Content by committee

Have you ever heard the phrase “too many cooks spoil the broth”? This expression can definitely becontent by committee applied to creating content – if you have too many ideas being thrown into the pot, the whole thing will bubble over and you’ll be left with a mess to clear up.

But don’t worry. We’re here to help you figure out the best way for you to create effective content that will delight your readers.

Different tastes in content

Creating content is a bit like preparing a meal (yes I’m carrying on with the cooking analogy). Once you’ve spent all that time slicing and dicing, and slaving over a hot stove, it’s time to dish out the grub – and the more people you’re feeding, the more opinions you’re going to get. “It’s too salty!”, “Can I have mine without peas?”, “Is it meant to be this spicy?” and so on.

Content, like food, is subjective, and can therefore be interpreted in many different ways, so asking lots of people’s opinions and acting on them all could leave a bad taste in your reader’s mouth!

Trying to integrate everybody’s feedback can result in jumbled content and an incoherent message.

I’m not trying to say that getting a second opinion is a bad thing, in fact I’d really recommend it! When writing you often become snow blind to mistakes that a fresh pair of eyes could spot instantly, and working with others allows you to bounce ideas off each other and explore new arguments. It’s when it gets to the ninth or tenth opinion that I start to worry.

A recipe for content creation success

Step one: Cut the fat off the meat

Streamline your approval process. Only include those vital to the editorial process. By eliminating the middlemen and the extraneous voices from the process you will have fewer people to deal with and the process will become much quicker.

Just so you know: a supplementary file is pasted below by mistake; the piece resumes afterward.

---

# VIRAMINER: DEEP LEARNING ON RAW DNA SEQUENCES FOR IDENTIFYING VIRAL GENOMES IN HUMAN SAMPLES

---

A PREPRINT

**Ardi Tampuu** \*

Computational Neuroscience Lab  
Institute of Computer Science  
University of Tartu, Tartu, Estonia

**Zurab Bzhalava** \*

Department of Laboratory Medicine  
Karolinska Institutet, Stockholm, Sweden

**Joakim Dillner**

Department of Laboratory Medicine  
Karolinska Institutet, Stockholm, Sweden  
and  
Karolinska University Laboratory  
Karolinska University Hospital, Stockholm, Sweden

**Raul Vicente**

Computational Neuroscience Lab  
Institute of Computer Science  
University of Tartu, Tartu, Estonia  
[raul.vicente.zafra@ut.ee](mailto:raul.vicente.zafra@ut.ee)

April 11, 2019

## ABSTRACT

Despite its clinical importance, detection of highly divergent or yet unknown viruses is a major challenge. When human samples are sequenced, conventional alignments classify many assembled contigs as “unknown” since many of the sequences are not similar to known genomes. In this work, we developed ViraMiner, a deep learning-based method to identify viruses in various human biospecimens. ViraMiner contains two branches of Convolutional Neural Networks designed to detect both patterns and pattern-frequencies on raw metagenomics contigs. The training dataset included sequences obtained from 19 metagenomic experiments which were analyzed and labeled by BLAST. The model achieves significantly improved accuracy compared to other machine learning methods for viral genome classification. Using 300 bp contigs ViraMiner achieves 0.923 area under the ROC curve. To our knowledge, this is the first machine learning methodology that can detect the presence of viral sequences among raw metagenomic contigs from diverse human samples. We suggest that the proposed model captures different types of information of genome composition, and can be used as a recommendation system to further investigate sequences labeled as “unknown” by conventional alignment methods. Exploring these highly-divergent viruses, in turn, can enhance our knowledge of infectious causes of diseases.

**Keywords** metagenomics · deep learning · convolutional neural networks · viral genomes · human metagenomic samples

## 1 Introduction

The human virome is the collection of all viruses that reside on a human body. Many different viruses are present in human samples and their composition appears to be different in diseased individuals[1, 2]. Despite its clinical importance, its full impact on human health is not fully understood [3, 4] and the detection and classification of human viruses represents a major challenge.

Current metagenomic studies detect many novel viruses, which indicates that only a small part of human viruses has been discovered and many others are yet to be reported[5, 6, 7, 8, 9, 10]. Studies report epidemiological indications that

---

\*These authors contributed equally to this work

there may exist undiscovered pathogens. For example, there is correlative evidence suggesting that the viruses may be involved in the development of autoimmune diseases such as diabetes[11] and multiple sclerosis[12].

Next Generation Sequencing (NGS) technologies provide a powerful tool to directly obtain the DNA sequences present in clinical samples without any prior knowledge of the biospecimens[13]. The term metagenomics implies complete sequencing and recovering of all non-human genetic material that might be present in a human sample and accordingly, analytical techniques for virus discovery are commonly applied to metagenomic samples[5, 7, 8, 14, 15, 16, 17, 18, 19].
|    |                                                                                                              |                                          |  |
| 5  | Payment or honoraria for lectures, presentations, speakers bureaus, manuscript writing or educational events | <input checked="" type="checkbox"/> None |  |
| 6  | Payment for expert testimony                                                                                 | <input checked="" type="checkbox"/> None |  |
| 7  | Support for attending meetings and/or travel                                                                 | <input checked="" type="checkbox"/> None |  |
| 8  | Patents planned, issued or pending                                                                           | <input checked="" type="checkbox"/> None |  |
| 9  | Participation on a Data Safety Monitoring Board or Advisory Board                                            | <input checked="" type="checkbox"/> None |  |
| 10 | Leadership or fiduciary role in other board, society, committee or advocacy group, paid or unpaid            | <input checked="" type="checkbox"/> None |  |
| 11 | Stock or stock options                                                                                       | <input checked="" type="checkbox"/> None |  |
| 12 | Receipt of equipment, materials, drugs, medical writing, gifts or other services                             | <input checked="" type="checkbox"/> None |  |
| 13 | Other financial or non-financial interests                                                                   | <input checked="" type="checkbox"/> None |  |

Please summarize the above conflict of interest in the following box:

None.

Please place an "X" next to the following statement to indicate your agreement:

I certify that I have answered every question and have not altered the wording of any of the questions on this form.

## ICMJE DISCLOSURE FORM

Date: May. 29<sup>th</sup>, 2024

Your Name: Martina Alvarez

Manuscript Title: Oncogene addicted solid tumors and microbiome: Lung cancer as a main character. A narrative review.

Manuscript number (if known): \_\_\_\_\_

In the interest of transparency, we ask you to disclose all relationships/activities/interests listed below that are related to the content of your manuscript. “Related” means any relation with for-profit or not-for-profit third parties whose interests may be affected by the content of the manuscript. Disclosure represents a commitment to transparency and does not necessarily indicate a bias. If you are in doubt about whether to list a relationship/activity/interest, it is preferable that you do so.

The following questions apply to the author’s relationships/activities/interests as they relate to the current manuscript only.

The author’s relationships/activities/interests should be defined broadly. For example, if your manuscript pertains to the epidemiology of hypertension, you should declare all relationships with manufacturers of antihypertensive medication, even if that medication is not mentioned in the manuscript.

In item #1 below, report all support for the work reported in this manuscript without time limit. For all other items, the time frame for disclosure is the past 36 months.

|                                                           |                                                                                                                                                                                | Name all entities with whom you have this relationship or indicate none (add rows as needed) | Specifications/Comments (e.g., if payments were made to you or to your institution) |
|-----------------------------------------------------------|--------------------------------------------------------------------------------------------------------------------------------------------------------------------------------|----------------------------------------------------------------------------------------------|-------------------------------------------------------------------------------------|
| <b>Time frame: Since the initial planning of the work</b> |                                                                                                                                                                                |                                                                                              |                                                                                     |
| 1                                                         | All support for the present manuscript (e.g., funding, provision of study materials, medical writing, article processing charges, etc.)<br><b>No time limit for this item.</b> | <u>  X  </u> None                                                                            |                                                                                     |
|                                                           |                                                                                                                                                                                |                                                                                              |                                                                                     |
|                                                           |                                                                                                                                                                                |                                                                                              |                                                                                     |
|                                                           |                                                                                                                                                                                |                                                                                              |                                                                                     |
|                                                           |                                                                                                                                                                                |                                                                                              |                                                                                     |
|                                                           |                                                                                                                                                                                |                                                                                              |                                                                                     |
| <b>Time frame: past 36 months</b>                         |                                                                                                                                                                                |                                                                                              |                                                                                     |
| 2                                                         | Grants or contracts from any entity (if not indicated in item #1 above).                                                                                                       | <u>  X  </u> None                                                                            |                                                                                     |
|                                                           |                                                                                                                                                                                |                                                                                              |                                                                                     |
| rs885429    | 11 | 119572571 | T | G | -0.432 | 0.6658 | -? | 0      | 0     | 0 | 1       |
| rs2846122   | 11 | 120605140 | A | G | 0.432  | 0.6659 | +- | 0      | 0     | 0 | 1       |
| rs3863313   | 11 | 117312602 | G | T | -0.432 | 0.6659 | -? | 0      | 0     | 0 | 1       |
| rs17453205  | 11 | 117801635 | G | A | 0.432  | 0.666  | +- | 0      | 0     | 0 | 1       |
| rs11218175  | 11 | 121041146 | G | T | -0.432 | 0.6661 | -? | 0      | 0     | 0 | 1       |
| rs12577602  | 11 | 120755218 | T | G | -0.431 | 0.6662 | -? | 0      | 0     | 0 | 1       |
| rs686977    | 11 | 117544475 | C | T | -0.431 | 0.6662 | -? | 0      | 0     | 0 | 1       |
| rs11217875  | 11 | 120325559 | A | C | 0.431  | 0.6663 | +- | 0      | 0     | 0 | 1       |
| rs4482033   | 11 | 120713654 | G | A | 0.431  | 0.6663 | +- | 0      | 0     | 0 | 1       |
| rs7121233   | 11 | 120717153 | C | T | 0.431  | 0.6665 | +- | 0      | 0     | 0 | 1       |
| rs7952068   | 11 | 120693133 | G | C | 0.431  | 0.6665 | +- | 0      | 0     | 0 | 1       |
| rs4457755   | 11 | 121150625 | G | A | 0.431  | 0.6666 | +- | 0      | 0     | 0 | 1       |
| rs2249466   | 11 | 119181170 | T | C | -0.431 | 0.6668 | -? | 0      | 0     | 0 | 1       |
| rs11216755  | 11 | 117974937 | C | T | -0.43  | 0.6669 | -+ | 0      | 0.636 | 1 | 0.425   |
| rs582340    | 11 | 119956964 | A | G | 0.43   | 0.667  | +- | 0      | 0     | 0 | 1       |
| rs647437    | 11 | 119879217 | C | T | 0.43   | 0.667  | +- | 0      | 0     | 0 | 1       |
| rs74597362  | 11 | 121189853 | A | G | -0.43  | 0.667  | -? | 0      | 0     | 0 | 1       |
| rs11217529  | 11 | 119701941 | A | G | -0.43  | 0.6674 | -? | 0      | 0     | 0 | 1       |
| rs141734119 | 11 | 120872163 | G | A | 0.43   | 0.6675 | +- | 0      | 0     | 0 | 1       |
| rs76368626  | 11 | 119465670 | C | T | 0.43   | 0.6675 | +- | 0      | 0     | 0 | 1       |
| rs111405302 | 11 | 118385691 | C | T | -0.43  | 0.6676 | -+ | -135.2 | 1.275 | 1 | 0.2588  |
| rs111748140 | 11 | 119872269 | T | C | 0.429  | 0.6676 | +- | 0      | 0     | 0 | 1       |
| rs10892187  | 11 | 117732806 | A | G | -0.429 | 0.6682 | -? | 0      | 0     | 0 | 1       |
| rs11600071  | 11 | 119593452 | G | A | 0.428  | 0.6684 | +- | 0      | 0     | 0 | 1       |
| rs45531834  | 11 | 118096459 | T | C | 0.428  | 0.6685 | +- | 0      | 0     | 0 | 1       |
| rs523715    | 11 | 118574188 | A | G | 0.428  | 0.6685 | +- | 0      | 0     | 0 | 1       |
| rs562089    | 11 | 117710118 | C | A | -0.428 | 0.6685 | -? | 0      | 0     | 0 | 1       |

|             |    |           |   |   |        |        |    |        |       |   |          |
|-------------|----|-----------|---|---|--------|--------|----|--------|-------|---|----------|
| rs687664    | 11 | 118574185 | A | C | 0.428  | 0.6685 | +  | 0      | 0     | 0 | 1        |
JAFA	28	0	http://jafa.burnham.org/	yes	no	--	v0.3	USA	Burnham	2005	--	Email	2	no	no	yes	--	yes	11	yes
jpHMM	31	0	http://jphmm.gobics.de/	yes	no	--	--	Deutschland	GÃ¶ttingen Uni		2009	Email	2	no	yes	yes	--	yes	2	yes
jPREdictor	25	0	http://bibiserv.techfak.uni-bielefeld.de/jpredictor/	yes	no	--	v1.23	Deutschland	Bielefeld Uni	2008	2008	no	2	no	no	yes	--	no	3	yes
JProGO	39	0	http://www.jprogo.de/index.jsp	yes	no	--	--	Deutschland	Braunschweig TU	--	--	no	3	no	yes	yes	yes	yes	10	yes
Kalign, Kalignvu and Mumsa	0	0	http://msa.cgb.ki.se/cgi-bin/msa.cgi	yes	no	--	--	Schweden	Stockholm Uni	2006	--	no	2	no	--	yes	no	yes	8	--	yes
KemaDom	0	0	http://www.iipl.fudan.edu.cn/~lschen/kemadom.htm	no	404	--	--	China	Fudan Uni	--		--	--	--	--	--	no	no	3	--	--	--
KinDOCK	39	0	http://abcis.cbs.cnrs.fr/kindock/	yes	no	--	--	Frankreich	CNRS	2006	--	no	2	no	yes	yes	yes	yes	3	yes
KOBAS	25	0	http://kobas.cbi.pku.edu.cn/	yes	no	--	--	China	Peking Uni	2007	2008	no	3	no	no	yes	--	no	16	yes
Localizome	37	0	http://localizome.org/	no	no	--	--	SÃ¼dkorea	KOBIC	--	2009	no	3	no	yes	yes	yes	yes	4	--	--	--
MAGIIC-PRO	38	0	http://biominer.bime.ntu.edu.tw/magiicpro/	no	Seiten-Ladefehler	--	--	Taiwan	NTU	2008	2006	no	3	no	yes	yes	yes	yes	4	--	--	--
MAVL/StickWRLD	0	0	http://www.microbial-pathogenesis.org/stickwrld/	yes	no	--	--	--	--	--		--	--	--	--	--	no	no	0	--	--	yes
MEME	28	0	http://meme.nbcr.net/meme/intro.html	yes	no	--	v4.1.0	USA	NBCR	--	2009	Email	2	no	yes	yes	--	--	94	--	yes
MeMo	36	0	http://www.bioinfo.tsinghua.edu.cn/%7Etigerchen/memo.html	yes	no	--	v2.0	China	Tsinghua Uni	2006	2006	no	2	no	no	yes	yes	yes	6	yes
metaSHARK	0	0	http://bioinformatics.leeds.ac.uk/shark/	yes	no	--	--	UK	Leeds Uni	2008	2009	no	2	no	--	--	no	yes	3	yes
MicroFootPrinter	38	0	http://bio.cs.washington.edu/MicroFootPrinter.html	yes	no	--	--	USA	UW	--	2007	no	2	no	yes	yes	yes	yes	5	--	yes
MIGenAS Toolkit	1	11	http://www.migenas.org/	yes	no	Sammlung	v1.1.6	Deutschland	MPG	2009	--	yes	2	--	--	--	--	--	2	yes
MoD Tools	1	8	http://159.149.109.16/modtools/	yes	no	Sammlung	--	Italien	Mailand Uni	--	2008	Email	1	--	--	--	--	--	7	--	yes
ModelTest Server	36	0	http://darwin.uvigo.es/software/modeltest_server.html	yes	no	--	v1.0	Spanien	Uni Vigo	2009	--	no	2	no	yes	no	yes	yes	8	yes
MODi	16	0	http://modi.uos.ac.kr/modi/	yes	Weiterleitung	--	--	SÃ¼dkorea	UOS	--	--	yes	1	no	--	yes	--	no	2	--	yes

Step two: Organise your ingredients

Each ingredient needs to go in to the pot at exactly the right time to release the flavours and make sure the dish doesn’t burn. Establish an editorial hierarchy to make sure that it gets approved at every level in an appropriate order. Don’t give it to the big boss before you’ve had those beneath them check it. You’ll be wasting their time and yours. (That said, don’t spend too much time going back and forth with non-decision makers as the boss could easily overrule everything they’ve said!)

Step three: Plan your timing

Similar to step two, timing is key so create a content schedule to plan the project out in detail. This should include plans for the subjects/ themes to be covered, your initial ideas for the content itself and a defined workflow with deadlines. By doing this, you’ll almost entirely eradicate the last minute changes that so often crop up in copywriting, as everyone will have signed off on the pieces before you begin writing them.

Step four: Mix together your ingredients and leave to simmer

Put everything in the pot and stir well. Once steps one to three are complete, you can begin creating your content. Don’t be afraid to sample bits yourself – taking a step back and looking at what you’ve created and thinking how each of your editorial team may react to it. If you can pre-empt them, you can speed up the final editing process.

Step five: A final taste, then dish up

Take one last look, see if it needs any ‘seasoning’ then send it out for review. Watch your wording with this, make sure that you establish that you are happy with it and that your deadline is final, you just want any vital feedback or advice. Take all feedback with a pinch of salt and make amendments to your recipe accordingly, just make sure that it doesn’t drastically change the dish you already made.

Creating content ‘by committee’ can be tough, but it does have its benefits. Input from multiple people can bring different insights and highlight points you may not have considered. By listening to feedback in moderation you can create tasty content that does not overpower your reader and makes them want to come back for more!